Planning for a surprise attack on US Naval forces in Pearl Harbor, the conquest of the Philippines, and the conquests of Borneo and Sumatra now began in earnest.

In the summer of 1941, when the German Army invaded the USSR, its early successes confirmed for the Japanese the wisdom of first striking southward. They were certain that the Germans would prevent the USSR from causing any trouble in Japan while Japan swept up the valuable resource areas of the Southwest Pacific.

The Japanese were right about the USSR being busy with the German invasion, but they grossly underestimated the determination and ability of the US to mobilize vast military forces to defeat them in the Pacific. That miscalculation was not fully understood until August of 1945, when Tokyo lay in ruins, and nuclear weapons had been dropped on Nagasaki and Hiroshima.

 

US General Douglas MacArthur and Emperor Hirohito September 27, 1945 public domain, wikimedia commons

US General Douglas MacArthur and Emperor Hirohito
September 27, 1945
public domain, wikimedia commons

 

On May 3, 1947, Japan adopted a modern democratic constitution, formally ending its era of military dominance over its government. In the final chapter of the struggle for control over modern Japan, the “war factions” were brought to their knees, and the small and previously powerless “peace faction” had the last word.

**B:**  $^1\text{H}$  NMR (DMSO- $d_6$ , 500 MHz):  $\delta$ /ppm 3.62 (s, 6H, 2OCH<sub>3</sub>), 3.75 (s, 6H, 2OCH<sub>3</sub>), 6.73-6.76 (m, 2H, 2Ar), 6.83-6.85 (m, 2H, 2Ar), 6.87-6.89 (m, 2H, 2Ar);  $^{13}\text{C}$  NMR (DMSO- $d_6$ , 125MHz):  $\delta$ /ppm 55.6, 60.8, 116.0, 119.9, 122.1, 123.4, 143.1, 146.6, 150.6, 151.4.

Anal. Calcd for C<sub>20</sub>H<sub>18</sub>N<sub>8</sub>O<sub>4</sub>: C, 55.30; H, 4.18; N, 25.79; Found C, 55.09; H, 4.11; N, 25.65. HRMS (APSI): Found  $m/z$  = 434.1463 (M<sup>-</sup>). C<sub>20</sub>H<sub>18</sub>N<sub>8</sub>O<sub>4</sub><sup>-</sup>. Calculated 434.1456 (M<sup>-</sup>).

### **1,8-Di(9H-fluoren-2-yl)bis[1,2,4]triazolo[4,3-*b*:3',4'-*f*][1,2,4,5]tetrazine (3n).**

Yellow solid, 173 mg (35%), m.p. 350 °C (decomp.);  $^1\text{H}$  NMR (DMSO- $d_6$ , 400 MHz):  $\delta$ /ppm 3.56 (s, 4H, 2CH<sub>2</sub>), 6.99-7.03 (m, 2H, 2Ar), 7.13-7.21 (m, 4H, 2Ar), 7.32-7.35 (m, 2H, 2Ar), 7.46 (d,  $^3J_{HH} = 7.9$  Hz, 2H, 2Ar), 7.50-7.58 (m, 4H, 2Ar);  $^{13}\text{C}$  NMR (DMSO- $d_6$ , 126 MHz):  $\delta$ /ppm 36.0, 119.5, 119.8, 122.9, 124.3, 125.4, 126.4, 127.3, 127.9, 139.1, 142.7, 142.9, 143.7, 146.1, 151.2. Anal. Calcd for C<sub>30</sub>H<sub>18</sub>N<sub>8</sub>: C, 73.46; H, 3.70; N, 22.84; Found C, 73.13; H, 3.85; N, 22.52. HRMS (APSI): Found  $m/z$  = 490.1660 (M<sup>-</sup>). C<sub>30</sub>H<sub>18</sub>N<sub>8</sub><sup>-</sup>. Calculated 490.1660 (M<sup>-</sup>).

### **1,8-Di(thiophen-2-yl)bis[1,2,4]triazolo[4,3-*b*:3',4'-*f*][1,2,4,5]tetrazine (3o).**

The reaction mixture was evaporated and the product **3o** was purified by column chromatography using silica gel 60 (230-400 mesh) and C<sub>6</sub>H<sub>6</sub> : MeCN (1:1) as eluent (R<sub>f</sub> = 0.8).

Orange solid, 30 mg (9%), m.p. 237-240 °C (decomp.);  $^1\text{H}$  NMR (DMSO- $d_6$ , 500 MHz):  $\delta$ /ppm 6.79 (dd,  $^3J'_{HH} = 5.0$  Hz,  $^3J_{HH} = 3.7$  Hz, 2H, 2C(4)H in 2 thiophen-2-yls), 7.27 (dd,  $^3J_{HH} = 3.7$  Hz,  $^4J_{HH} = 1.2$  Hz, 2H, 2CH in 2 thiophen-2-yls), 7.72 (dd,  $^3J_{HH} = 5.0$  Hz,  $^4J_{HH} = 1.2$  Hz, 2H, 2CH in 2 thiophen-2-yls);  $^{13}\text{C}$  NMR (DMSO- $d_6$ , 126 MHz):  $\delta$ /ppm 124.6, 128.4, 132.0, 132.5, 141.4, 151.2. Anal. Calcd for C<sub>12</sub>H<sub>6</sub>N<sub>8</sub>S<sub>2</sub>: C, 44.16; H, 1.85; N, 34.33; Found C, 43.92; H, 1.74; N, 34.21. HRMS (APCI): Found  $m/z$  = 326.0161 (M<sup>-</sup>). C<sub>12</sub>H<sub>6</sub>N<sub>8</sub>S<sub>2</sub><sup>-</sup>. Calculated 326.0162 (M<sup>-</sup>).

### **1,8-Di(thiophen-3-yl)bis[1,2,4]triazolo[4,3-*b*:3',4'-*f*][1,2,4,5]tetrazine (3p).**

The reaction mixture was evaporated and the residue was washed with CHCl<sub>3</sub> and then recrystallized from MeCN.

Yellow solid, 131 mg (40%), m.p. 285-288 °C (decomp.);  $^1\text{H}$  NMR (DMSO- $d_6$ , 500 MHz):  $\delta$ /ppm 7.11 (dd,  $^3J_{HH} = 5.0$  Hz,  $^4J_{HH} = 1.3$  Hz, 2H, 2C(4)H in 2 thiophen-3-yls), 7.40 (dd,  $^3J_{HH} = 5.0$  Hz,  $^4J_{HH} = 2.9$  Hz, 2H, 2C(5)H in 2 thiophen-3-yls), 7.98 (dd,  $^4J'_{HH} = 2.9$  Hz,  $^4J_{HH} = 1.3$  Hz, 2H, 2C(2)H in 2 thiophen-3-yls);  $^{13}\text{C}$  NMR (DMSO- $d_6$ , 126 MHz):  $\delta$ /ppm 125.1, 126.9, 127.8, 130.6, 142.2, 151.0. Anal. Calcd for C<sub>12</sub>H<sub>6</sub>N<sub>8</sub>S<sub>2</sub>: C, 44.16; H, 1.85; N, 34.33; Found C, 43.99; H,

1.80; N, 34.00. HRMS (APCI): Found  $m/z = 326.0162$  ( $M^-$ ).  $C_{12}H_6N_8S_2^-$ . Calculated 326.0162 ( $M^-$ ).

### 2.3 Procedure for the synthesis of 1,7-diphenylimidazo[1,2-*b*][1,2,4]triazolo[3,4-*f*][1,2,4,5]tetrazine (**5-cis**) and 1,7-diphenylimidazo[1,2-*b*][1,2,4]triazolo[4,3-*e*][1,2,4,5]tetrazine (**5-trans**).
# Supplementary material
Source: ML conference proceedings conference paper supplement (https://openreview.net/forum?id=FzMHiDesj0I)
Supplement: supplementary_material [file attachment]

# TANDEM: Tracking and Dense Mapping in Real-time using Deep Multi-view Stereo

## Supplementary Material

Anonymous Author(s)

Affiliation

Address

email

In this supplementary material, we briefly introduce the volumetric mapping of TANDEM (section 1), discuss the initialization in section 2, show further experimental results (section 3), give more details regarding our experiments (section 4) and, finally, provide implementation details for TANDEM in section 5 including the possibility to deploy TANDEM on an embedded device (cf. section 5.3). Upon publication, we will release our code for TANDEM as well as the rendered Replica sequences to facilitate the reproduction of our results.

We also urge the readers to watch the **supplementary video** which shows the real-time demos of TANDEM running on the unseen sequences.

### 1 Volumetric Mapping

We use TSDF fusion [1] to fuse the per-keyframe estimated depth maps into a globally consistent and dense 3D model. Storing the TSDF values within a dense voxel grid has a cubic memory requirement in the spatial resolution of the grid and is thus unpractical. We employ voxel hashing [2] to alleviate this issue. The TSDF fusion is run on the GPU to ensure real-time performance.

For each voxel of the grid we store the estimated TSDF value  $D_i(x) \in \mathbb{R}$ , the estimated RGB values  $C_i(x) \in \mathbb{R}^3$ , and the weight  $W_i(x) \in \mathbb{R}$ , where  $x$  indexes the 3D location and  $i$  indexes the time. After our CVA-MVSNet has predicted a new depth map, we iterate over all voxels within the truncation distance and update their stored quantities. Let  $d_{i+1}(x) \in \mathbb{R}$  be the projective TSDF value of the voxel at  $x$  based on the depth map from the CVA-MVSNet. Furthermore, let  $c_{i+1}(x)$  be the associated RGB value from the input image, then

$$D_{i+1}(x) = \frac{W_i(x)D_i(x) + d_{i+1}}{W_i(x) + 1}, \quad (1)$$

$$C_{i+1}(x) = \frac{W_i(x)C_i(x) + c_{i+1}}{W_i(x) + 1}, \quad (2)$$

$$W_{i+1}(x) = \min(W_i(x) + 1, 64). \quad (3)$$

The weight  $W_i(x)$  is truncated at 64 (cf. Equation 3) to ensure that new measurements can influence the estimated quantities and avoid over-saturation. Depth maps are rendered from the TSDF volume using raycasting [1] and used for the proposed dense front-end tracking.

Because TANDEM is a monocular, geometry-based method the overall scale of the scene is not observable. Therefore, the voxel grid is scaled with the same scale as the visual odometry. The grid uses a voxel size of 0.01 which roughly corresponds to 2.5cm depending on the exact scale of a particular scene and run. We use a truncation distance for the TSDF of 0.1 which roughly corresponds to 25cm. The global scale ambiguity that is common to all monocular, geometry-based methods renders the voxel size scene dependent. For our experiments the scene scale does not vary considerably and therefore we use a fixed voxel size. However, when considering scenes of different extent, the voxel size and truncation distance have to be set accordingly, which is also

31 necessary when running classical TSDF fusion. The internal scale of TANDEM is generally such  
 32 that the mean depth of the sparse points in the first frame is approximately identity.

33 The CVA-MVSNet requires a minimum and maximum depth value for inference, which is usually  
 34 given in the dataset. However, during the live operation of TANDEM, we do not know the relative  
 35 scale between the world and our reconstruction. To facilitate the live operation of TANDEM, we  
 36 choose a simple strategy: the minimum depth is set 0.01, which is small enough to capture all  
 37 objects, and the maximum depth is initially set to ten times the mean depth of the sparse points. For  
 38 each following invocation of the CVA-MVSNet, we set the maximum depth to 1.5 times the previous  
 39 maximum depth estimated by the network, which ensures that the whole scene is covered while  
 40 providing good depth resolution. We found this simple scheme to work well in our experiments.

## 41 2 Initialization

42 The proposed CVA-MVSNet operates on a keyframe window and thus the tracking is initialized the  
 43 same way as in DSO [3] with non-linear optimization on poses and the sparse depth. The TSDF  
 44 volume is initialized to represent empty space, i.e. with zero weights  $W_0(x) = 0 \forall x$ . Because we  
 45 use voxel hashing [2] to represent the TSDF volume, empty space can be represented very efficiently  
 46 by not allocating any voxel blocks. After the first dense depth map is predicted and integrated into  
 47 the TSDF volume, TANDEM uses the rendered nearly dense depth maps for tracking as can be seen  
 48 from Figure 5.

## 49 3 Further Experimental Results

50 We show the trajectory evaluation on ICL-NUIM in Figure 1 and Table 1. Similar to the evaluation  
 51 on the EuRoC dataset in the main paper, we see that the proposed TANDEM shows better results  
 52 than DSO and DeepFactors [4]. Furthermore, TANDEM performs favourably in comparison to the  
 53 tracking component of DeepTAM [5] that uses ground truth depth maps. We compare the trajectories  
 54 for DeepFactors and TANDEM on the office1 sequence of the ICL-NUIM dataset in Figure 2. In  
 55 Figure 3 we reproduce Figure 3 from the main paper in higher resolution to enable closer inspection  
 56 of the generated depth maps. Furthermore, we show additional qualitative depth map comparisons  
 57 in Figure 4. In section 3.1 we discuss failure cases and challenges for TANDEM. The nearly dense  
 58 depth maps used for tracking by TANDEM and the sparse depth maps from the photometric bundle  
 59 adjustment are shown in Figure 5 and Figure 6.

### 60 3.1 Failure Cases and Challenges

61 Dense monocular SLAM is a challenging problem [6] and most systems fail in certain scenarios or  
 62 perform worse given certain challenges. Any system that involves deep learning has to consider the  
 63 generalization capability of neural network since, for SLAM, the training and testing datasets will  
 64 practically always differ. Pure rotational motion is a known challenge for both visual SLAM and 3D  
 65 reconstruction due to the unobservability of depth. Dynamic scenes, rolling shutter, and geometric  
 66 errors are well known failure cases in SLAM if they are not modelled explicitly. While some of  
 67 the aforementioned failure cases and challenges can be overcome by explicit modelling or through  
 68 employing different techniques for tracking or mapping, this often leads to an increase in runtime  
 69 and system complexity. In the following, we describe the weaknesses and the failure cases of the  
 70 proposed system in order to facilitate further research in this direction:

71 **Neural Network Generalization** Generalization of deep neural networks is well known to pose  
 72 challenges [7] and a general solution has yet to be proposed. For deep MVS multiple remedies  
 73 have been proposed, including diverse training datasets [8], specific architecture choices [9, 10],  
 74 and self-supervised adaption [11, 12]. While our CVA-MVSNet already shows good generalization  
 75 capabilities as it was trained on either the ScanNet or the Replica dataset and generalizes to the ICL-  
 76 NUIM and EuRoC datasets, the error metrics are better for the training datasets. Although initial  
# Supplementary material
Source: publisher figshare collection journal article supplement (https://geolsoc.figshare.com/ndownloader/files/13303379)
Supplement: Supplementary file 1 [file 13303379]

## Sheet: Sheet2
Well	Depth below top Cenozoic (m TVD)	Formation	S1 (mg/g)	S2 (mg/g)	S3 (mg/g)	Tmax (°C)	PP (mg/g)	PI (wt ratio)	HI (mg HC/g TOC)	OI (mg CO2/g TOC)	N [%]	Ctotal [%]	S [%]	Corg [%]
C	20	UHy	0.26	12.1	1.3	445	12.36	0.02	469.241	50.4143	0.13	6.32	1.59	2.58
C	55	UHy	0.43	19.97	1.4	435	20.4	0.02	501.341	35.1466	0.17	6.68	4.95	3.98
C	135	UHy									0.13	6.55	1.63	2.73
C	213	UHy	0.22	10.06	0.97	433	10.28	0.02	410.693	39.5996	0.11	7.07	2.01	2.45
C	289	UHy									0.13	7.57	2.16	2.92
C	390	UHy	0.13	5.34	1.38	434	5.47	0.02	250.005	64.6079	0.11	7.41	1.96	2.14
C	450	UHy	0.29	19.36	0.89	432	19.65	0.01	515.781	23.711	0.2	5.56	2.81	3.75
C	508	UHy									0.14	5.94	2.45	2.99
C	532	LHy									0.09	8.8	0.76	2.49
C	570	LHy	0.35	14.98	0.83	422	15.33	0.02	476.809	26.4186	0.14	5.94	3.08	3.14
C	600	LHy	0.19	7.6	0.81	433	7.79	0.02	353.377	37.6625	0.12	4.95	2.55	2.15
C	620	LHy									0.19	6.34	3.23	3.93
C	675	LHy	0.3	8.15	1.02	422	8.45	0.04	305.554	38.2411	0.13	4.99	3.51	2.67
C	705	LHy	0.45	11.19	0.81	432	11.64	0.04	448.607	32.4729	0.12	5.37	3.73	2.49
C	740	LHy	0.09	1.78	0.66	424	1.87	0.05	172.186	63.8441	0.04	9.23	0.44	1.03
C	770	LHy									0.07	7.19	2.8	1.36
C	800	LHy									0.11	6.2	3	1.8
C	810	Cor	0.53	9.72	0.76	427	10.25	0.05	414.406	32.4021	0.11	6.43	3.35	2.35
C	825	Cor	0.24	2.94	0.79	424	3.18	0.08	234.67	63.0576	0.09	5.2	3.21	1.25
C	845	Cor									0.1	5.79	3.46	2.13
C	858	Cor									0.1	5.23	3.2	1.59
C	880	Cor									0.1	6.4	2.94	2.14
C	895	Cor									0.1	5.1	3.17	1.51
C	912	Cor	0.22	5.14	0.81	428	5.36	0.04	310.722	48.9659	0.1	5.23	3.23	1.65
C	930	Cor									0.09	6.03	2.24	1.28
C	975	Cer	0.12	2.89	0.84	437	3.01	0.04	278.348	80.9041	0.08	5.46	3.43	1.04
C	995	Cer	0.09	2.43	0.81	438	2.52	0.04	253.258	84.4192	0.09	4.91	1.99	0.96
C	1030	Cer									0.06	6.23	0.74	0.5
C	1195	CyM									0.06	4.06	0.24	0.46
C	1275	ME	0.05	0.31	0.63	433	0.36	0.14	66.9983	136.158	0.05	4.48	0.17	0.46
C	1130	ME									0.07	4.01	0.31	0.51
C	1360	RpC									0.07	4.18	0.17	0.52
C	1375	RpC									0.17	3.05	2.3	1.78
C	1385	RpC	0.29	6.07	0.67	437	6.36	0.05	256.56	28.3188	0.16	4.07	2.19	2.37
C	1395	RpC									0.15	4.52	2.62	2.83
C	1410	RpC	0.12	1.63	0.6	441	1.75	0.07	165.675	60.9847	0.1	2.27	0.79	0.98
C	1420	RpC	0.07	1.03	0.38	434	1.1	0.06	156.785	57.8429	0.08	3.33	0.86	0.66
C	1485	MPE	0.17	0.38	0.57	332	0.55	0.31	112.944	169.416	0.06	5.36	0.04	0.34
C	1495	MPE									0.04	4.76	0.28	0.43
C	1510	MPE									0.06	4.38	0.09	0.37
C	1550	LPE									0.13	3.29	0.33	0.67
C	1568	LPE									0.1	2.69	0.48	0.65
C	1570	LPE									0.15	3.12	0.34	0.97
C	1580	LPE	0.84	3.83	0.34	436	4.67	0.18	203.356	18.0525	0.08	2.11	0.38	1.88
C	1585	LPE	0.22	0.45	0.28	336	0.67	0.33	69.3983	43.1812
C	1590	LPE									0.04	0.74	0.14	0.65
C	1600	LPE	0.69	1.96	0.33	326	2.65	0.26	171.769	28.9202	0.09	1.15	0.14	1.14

Intelligence Fail–Operation Barbarossa, the Soviet View

Bayard & Holmes

~ Jay Holmes

In our last post, we discussed the intelligence lesson to be learned by Hitler’s choice to invade the Soviet Union in Operation Barbarossa. On the other side, the Soviet Union’s reaction to that invasion provides us with one of history’s most glaring examples of bad intelligence assessments.

Intelligence professionals that read this series should be aware that I use the term “assessment” in the generic English sense rather than in the technical professional sense. All intelligence agencies have their own requirements and rules for what an “intelligence assessment” should look like. We are not following any of those requirements other than the ones that coincide with the researching and writing of history.